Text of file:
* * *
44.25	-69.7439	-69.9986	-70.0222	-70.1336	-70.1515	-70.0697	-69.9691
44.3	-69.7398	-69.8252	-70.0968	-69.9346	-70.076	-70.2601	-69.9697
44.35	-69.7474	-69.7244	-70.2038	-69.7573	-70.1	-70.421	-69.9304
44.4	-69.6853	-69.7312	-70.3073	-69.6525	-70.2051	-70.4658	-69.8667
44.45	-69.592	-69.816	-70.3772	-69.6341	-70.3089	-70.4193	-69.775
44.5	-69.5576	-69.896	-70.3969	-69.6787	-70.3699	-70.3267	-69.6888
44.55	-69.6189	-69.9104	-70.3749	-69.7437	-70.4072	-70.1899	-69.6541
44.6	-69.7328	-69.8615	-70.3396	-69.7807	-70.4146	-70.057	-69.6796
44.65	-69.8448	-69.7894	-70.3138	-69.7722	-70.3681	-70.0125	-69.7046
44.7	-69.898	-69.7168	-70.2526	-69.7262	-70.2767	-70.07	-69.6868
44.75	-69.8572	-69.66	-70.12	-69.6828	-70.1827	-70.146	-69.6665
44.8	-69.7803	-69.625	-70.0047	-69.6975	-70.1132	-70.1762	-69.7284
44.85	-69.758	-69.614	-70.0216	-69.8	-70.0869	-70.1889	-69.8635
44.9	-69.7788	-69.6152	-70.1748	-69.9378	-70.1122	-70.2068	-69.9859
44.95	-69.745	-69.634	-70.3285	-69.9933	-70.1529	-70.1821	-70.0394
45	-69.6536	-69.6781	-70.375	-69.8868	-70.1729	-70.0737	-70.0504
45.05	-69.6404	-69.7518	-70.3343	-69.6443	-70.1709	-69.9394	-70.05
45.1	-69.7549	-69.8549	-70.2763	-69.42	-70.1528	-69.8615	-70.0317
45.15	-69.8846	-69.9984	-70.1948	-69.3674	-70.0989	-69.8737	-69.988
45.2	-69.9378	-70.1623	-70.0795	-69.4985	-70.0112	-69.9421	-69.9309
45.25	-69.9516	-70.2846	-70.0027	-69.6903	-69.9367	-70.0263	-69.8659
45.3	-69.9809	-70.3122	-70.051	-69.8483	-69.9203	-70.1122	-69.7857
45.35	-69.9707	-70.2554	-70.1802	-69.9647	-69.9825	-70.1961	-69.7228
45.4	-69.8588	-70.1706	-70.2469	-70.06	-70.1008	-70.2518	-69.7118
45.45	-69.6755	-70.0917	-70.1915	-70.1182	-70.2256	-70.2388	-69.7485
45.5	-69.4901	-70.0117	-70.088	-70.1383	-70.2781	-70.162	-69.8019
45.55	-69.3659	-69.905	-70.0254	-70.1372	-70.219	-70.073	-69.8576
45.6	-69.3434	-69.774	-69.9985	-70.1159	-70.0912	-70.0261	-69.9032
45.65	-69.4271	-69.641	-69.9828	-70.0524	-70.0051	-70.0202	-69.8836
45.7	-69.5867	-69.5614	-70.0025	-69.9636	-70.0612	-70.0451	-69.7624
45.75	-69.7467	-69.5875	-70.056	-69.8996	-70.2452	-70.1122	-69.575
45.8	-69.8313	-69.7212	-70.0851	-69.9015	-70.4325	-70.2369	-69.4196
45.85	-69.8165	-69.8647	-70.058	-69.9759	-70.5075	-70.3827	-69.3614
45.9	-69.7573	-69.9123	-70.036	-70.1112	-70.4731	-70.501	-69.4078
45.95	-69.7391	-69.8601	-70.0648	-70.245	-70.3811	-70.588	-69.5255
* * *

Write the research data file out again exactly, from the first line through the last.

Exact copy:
44.25	-69.7439	-69.9986	-70.0222	-70.1336	-70.1515	-70.0697	-69.9691
44.3	-69.7398	-69.8252	-70.0968	-69.9346	-70.076	-70.2601	-69.9697
44.35	-69.7474	-69.7244	-70.2038	-69.7573	-70.1	-70.421	-69.9304
44.4	-69.6853	-69.7312	-70.3073	-69.6525	-70.2051	-70.4658	-69.8667
44.45	-69.592	-69.816	-70.3772	-69.6341	-70.3089	-70.4193	-69.775
44.5	-69.5576	-69.896	-70.3969	-69.6787	-70.3699	-70.3267	-69.6888
44.55	-69.6189	-69.9104	-70.3749	-69.7437	-70.4072	-70.1899	-69.6541
44.6	-69.7328	-69.8615	-70.3396	-69.7807	-70.4146	-70.057	-69.6796
44.65	-69.8448	-69.7894	-70.3138	-69.7722	-70.3681	-70.0125	-69.7046
44.7	-69.898	-69.7168	-70.2526	-69.7262	-70.2767	-70.07	-69.6868
44.75	-69.8572	-69.66	-70.12	-69.6828	-70.1827	-70.146	-69.6665
44.8	-69.7803	-69.625	-70.0047	-69.6975	-70.1132	-70.1762	-69.7284
44.85	-69.758	-69.614	-70.0216	-69.8	-70.0869	-70.1889	-69.8635
44.9	-69.7788	-69.6152	-70.1748	-69.9378	-70.1122	-70.2068	-69.9859
44.95	-69.745	-69.634	-70.3285	-69.9933	-70.1529	-70.1821	-70.0394
45	-69.6536	-69.6781	-70.375	-69.8868	-70.1729	-70.0737	-70.0504
45.05	-69.6404	-69.7518	-70.3343	-69.6443	-70.1709	-69.9394	-70.05
45.1	-69.7549	-69.8549	-70.2763	-69.42	-70.1528	-69.8615	-70.0317
45.15	-69.8846	-69.9984	-70.1948	-69.3674	-70.0989	-69.8737	-69.988
45.2	-69.9378	-70.1623	-70.0795	-69.4985	-70.0112	-69.9421	-69.9309
45.25	-69.9516	-70.2846	-70.0027	-69.6903	-69.9367	-70.0263	-69.8659
45.3	-69.9809	-70.3122	-70.051	-69.8483	-69.9203	-70.1122	-69.7857
45.35	-69.9707	-70.2554	-70.1802	-69.9647	-69.9825	-70.1961	-69.7228
45.4	-69.8588	-70.1706	-70.2469	-70.06	-70.1008	-70.2518	-69.7118
45.45	-69.6755	-70.0917	-70.1915	-70.1182	-70.2256	-70.2388	-69.7485
45.5	-69.4901	-70.0117	-70.088	-70.1383	-70.2781	-70.162	-69.8019
45.55	-69.3659	-69.905	-70.0254	-70.1372	-70.219	-70.073	-69.8576
45.6	-69.3434	-69.774	-69.9985	-70.1159	-70.0912	-70.0261	-69.9032
45.65	-69.4271	-69.641	-69.9828	-70.0524	-70.0051	-70.0202	-69.8836
45.7	-69.5867	-69.5614	-70.0025	-69.9636	-70.0612	-70.0451	-69.7624
45.75	-69.7467	-69.5875	-70.056	-69.8996	-70.2452	-70.1122	-69.575
45.8	-69.8313	-69.7212	-70.0851	-69.9015	-70.4325	-70.2369	-69.4196
45.85	-69.8165	-69.8647	-70.058	-69.9759	-70.5075	-70.3827	-69.3614
45.9	-69.7573	-69.9123	-70.036	-70.1112	-70.4731	-70.501	-69.4078
45.95	-69.7391	-69.8601	-70.0648	-70.245	-70.3811	-70.588	-69.5255